I have one question to put to the Minister. If the 1951 convention is universal, can he name any precedents for an assumption of safety for a group of countries within those signatories? As I understand it, being universal--and I am not a lawyer--means that all cases are treated individually.
Lord Cope of Berkeley: The question arises as to the definition of "member State". There is no doubt that it means a member state of the EU, but it leads me to ask why there is a difference between Clause 9 and Clause 70 because the latter clause talks in terms of "EEA nationals"; in other words, nationals in a European economic area. It would be interesting to know why these two clauses are different in that respect.
However, that is quite a small point which can, no doubt, be readily responded to, but the big question is whether the proposition which lies behind Clause 9 is correct; namely, that member states of the European Union are "safe" as defined and that that will still be so even as enlargement progresses. We have all read recent newspaper reports about how the new Commission is giving some extra attention to enlargement with a view to making it progress quickly. Obviously that is something of which we are all in favour in this country.
It is interesting to observe that the proposition that member states are safe is being opposed by the noble Baroness, Lady Williams of Crosby, who, generally speaking, has been very supportive of the nature of the other member states of the Community. That renders the point that she has made, and which others have supported, all the more powerful. But the question also is whether or not judicial review is ruled out by this clause, as the Government evidently intend.
I believe that I am correct in saying that the Minister in another place referred not to making these matters invulnerable to judicial review, but "less vulnerable" to it. It is a question of degree. Without any legal backing or personal knowledge, I suspect that that is correct and that judicial review will, so to speak, find a way whatever provision ends up in the Bill. That is a very important point, if one looks at the basic reasons for introducing this clause and other such measures in the Bill.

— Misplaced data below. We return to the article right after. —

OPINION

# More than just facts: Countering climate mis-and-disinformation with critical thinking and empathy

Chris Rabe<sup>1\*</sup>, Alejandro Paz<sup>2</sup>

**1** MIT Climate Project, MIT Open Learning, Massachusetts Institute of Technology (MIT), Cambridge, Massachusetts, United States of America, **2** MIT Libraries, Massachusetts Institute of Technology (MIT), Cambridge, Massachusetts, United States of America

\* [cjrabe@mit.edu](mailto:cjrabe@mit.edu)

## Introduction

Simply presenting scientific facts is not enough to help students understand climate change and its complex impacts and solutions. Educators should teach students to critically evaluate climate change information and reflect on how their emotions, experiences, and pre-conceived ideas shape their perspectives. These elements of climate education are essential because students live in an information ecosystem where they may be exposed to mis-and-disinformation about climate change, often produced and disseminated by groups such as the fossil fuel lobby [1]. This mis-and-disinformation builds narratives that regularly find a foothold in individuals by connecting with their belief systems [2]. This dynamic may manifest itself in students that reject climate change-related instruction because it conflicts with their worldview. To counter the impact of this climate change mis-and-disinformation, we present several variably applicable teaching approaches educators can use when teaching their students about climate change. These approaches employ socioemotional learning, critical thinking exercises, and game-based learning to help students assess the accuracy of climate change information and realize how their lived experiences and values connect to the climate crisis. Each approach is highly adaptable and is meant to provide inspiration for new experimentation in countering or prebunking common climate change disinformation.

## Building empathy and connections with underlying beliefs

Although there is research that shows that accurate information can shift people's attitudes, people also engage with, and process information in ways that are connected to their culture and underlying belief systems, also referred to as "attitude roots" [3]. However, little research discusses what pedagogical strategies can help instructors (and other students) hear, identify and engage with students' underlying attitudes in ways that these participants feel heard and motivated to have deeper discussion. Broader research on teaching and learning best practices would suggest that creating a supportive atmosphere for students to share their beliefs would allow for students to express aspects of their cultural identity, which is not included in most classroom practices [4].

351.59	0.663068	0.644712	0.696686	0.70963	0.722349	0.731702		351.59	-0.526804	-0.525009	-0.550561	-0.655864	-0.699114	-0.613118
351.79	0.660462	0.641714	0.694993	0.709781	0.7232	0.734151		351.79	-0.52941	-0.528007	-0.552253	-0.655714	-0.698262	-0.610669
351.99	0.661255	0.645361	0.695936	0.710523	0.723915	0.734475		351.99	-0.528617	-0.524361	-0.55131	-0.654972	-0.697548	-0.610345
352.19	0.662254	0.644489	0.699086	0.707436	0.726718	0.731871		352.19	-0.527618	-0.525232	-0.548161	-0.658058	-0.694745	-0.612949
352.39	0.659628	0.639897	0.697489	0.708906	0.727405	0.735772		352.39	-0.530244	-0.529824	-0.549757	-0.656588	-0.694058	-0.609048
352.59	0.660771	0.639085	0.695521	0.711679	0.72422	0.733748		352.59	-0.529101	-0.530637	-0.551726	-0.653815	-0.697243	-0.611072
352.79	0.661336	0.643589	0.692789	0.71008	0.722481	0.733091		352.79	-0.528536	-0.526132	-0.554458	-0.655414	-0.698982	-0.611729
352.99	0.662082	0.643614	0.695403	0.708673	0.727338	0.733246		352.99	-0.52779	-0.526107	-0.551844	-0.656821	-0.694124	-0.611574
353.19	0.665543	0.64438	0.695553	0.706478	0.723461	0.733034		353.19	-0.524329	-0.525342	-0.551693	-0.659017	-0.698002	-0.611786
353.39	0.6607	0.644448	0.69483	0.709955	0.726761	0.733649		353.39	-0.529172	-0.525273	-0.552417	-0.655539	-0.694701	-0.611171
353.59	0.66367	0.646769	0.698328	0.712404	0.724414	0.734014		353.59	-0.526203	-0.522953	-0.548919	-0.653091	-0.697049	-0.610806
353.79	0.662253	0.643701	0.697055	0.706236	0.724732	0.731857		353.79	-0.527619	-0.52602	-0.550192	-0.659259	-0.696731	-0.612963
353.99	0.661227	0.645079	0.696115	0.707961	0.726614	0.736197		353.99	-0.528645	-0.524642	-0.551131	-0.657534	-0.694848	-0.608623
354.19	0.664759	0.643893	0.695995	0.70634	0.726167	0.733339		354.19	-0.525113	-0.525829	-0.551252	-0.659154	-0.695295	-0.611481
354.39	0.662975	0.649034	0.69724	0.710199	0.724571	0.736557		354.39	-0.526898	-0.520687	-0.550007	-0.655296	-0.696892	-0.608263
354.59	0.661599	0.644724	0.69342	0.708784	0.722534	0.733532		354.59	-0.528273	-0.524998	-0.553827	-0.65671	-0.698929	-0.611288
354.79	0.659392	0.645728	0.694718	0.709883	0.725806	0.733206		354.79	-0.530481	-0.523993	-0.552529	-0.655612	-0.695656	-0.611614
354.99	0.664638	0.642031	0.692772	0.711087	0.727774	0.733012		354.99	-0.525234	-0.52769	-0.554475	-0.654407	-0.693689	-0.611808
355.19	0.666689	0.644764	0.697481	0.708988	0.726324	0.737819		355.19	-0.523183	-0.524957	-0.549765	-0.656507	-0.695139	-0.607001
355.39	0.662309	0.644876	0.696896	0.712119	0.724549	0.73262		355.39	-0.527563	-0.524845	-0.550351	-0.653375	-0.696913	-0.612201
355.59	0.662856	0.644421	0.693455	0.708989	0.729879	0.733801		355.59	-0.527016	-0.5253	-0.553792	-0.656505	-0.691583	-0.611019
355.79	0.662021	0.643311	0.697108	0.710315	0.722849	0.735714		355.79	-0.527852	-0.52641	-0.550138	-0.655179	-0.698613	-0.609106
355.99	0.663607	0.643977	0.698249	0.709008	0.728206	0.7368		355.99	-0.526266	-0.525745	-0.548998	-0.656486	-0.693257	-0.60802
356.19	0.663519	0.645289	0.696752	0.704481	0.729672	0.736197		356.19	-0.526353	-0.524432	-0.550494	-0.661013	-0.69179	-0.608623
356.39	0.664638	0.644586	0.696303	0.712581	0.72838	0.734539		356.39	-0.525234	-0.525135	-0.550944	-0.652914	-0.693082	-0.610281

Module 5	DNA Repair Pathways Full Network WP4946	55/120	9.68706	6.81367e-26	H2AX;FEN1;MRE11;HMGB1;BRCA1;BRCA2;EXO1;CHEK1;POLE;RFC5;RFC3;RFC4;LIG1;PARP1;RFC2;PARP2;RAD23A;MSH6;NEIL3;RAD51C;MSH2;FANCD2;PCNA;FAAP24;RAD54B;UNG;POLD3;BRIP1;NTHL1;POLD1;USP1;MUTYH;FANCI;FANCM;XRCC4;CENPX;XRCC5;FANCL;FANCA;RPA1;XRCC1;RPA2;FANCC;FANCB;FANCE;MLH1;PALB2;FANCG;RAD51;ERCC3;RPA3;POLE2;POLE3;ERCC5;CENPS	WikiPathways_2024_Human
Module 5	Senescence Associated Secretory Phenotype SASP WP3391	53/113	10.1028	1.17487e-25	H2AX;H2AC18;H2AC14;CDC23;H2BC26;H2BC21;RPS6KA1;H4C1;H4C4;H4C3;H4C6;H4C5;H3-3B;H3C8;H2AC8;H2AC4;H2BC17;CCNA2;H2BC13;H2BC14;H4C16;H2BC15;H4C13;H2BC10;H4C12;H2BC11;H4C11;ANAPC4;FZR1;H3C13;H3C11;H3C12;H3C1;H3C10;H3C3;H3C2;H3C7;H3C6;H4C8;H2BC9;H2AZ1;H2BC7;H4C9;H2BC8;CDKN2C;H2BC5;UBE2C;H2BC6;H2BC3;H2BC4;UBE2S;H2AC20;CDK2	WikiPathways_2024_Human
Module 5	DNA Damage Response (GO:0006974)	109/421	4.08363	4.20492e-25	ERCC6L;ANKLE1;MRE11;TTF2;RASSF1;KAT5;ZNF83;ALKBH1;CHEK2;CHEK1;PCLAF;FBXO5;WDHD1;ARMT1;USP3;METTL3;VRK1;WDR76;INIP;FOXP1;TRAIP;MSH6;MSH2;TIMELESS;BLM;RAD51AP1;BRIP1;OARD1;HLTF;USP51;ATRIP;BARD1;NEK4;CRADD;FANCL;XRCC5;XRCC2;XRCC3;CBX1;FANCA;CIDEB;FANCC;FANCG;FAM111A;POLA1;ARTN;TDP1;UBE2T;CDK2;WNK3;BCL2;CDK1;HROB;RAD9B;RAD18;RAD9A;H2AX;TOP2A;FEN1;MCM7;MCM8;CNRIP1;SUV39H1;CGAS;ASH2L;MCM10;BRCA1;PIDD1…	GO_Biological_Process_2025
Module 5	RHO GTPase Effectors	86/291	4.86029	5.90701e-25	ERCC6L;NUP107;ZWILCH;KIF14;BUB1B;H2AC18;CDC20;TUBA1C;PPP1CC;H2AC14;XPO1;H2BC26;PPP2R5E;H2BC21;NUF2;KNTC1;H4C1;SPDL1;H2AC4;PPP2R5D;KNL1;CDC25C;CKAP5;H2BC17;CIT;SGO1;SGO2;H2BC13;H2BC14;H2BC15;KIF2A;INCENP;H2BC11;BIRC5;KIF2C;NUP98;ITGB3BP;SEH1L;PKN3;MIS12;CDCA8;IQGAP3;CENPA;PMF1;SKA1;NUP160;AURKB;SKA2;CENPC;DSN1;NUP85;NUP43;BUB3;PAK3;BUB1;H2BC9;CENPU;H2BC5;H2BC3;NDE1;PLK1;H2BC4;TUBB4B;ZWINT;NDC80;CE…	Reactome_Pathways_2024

We all know from the practical point of view that, for very understandable reasons indeed, the Government are seeking to minimise the opportunities for those who would use the system to delay decisions in their cases by every device open to them in the judicial process. They are well advised in these matters and sometimes they have people advising them who are keen to encourage them, for their own reasons, to use every possible judicial process. But, in any case, if you are essentially an economic migrant, you have, by definition, a financial interest in trying to spin it out and win in some part of the legal system which may not be apparent at first sight.
Lord Williams of Mostyn: The purpose of Clause 9 is to address the problem which was clearly identified in the White Paper of lengthy, unjustifiable delays to the operation of the Dublin Convention. A number of points have been raised and I shall do my best to deal with them. The noble Earl, Lord Russell, raised the question of the views of the Master of the Rolls in the case of Fayed. It was open to the Secretary of State at the Home Office to appeal. He chose not to and took upon himself the burden--and therefore the duty--of giving reasons. There was plenty of advice available to suggest a successful visit to the Judicial Committee of this House, but he chose not to do that and, as I say, took upon himself the voluntary burden of giving reasons.
The noble Lord, Lord Phillips of Sudbury, said that the test to get leave in judicial review was a high hurdle. I think he said that I had done that. I am sure that the noble and learned Lord, Lord Falconer of Thoroton, has done that. However, I must say that I never found it an extraordinarily high professional hurdle to get that leave. My advice is that my proposed addition to Clause 9 is not incompatible with the 1951 convention. It is important to look at what we are proposing as opposed to the "bogeys" that have been trotted out. I begin--usefully, I hope--with the question put to me most courteously by the noble Lord, Lord Hylton; namely, what is the definition of a member state? I accept that Clause 9 in itself is rather skeletal because it does not need to be fatter.